October 22, 2011

I said 'Wow'

If Hollywood teaches us anything, it's that all good chapters conclude with a wedding.  Perhaps that's not the nugget I should retain from media, but there it is.  And, as the dates of my departure up North bounced around and finally settled on next week, I had the honor and the pleasure to conclude my Nairobi chapter with a wedding.  

All the best weddings have adorable dancing kids.

Now, this being my only Kenyan wedding ever, I will take liberties to generalize it to all others.  Mostly, the format is the same as what we know in the US: church, priest, ceremony, reception, family toasts, food, gifts, dancing.  The differences were in the details.  For instance, Priests.  Every wedding (all 3) I've been to, the priest (or other officiating equivalent) has tried to be funny.  I suspect they're piloting stand-up routines to see if they're in any position for a career change.  However, I don't think this particular Kenyan priest was intending to be funny, and yet I probably laughed more than all the others combined.  He began with a rather stern badgering of the groom:

Priest: "So why are you here?"
Groom: "Uh, uhhhhh... Because I want to be married in holy matrimony?"
Priest: "Oh, so you want to be married in holy matrimony?  When did that start?"
Groom:  "Uuummmmm.. when we first met."
Priest: "Oh, when you first met.  Well what happened then?"
Groom:  "I said 'Wow.'"
Priest:  "So it started when you said, 'wow,' and when did it end?"
Groom:  "When I said 'I love you.'"
Priest:  "And what did she say?"
Bride:  "Let's see how it goes."
(As an aside, that response is probably why she and I are friends)

And after a brief sermon interlude...

Priest: "So when the two of you said those magical words: 'I love you' and 'Let's see how it goes,' where were you?  Were you under a tree?  On campus?  In a shady motel?  You know, I ask if you were under a tree because all those hippy Indian movies, people are always dancing around under trees saying "I love you I love you" .... Don't watch those movies."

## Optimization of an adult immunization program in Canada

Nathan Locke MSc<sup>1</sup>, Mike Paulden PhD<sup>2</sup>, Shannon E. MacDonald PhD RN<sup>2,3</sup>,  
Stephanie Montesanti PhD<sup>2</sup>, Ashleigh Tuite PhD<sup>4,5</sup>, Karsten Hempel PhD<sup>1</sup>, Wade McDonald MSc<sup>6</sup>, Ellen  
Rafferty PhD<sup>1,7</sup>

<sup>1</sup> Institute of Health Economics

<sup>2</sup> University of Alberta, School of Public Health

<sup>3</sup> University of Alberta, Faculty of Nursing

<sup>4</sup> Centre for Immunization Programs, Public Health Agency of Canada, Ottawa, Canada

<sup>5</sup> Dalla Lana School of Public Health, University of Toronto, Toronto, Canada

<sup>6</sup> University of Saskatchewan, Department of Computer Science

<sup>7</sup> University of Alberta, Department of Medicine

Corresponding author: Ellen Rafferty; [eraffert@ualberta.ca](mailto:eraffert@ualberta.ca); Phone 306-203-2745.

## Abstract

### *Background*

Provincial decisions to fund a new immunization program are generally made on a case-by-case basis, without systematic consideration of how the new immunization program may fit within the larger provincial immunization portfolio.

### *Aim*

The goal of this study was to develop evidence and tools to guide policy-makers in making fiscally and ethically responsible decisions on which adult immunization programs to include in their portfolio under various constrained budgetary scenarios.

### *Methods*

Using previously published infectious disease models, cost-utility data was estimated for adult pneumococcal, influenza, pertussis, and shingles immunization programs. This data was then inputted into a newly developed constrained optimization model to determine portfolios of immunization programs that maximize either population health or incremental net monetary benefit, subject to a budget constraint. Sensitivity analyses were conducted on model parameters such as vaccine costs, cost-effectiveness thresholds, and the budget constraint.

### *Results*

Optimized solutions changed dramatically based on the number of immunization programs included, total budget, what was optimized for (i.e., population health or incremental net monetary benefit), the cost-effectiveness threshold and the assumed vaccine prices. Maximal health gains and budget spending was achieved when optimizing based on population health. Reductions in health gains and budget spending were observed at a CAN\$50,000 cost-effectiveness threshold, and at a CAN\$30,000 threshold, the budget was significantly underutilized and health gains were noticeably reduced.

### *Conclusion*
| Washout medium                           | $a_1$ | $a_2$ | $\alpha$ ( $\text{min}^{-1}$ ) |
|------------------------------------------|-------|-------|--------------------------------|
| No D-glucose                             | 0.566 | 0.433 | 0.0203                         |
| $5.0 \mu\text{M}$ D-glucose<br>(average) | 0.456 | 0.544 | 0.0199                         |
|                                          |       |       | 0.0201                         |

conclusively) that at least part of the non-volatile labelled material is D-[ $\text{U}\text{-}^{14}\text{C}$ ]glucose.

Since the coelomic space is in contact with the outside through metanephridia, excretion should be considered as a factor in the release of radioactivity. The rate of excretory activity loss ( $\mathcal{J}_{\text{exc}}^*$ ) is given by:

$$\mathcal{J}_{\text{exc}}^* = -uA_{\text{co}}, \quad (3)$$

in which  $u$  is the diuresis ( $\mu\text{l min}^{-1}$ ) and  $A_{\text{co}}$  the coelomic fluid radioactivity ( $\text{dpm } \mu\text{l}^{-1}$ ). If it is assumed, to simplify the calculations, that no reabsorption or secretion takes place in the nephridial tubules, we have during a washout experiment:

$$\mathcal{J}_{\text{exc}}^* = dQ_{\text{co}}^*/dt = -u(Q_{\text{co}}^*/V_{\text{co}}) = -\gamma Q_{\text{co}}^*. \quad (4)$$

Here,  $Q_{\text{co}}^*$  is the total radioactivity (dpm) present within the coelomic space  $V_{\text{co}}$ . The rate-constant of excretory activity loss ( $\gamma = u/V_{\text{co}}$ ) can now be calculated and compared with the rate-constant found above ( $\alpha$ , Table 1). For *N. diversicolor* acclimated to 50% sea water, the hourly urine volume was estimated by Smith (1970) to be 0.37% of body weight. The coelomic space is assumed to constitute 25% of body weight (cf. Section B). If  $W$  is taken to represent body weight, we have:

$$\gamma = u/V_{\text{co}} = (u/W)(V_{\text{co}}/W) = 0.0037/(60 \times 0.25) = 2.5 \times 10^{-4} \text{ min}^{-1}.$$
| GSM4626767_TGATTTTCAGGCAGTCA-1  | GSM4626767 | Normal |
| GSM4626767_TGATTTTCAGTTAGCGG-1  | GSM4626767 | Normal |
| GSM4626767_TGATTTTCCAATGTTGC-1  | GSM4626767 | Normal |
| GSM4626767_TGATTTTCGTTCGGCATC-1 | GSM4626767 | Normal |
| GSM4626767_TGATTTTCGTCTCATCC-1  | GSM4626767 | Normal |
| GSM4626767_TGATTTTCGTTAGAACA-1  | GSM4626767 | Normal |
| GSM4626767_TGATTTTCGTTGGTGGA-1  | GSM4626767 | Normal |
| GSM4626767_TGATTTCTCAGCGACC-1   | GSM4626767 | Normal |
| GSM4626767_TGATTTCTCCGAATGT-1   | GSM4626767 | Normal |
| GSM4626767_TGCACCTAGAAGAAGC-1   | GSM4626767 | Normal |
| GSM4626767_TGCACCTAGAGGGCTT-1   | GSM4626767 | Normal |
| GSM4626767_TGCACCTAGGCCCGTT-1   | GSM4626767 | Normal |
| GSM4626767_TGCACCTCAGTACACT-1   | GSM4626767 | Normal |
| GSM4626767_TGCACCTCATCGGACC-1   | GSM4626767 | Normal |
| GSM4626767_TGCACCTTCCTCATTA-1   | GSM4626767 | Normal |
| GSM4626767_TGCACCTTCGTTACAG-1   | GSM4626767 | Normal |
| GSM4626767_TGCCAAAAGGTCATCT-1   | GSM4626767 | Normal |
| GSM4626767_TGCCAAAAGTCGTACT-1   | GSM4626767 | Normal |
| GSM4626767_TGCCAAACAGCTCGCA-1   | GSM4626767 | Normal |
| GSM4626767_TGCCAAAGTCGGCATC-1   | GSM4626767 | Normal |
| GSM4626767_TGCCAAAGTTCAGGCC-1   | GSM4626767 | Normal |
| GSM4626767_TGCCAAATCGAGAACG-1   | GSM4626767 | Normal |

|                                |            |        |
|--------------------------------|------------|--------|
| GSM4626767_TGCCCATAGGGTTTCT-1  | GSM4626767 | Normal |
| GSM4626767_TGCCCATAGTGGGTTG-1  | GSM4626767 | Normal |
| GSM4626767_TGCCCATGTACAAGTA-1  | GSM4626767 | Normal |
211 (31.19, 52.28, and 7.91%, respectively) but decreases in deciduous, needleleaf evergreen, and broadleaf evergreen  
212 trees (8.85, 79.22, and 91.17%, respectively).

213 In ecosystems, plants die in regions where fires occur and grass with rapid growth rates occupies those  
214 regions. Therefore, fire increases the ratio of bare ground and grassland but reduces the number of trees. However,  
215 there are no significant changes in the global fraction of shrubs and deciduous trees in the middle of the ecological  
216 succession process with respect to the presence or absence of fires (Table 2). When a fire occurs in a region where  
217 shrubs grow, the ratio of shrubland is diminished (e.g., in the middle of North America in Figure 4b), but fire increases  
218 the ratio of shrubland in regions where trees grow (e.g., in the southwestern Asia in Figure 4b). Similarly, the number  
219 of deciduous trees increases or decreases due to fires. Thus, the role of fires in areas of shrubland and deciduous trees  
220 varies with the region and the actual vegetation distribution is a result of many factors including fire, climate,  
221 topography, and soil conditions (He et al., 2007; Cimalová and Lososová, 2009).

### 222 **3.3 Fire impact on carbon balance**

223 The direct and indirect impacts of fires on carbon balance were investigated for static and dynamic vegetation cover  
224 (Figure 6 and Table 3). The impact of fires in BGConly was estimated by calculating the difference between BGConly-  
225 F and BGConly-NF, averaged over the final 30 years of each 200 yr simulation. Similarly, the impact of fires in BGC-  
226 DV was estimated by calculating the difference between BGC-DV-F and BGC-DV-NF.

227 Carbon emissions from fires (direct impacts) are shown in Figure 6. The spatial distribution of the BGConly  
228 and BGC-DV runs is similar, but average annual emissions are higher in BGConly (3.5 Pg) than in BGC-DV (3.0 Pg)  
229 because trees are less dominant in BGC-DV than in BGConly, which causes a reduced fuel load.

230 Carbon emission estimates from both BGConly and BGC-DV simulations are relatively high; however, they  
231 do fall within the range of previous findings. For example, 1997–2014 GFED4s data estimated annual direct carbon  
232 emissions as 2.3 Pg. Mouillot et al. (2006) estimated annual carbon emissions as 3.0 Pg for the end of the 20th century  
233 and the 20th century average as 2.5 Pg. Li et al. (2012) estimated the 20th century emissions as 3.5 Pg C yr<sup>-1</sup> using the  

But our laughter was premature, for after he finished grilling the groom, he started badgering the witnesses. Questions directed to us, the audience:

"And how many of you have ever told another person, 'I love you'?  ...Raise your hand!  You know you've said it!  And how many of you have broken those commitments?  Raise your hand- you know you have!  And how many of you have ever shown late to an appointment?  Where you plan to meet at 10:00, but then it's 10:30, and then 11:00, and then the person is sweating and they're wet all over.  And how many of you are CEOs who don't respect other people?  It's true!  I'm not afraid to say it!"

Mostly I just tried to slouch down in my pew.  However, it's hard to stay under the radar when you're the only mzungu at a Kenyan wedding, as the ceremony MC made it perfectly clear later that evening.

While we waited for the arrival of the wedding party, the DJ and MC entertained guests by playing songs from each tribe and inviting all guests of that tribe to share their heritage dance on the dance floor.  After each tribe took it's turn, I was conscripted to the dance floor, solo, to do the "American dance."

Americans, I am sorry.  Had I known I would be called on to represent I would have tried to scrounge up a few sweet break-dance moves, or even the routine from Napolean Dynamite.  As it was (or at least from what I can deduce in this photograph), it appears that I presented the traditional American dance to be "The Snuggers," a move named and choreographed after my friend's dog's habit of dragging his butt across a carpeted floor.  I am not making this up.  But... I do hang my head in shame.  Please don't interpret that as another lame American dance move.

But forcing your guests to dance their acceptance is actually quite the efficient ice-breaker, and I might employ it one of these days.  Another Kenyan aspect that must be included in any weddings of mine (hey, you never know) is that of Cake-matron.

Cake-matron.  Start submitting your applications now.

And then, as with all good parties, twilight crept up.

And, while not confirmed, I assume that the brightly dressed women in orange and blue is the Cake Matron.  Mmmmmmmcake matron.

And of course there was more dancing, and the throwing of the bouquet to the single ladies, to the soundtrack of Beyonce's "Single Ladies."  Like I said, mostly we're all the same.

As evidenced above, I am clearly not prepared to catch this prize, but like I said: It's impossibly hard to hide from the MC when you're the only mzungu in tow (he just hollered, "Hey Washington University, are you married?" so there I am in the line-up.  But at least my loss was another lady's happy promise.

And the happy couple takes center stage.


  1. As an addendum...

    In case anyone wants instructions for "the Snuggers," here you go:

    1. Bend your knees to lower your center of gravity.

    2. Push your pelvis out.

    3. Scoot your feet forward in a slow, rhythmic manner.

    4. Low jazz hands.

  2. Is there an official application form for Cake Matron? And am I responsible for making the cake?

  3. I think maybe it means that you feed me cake? Just in case, we should practice that in December. You giving me cake.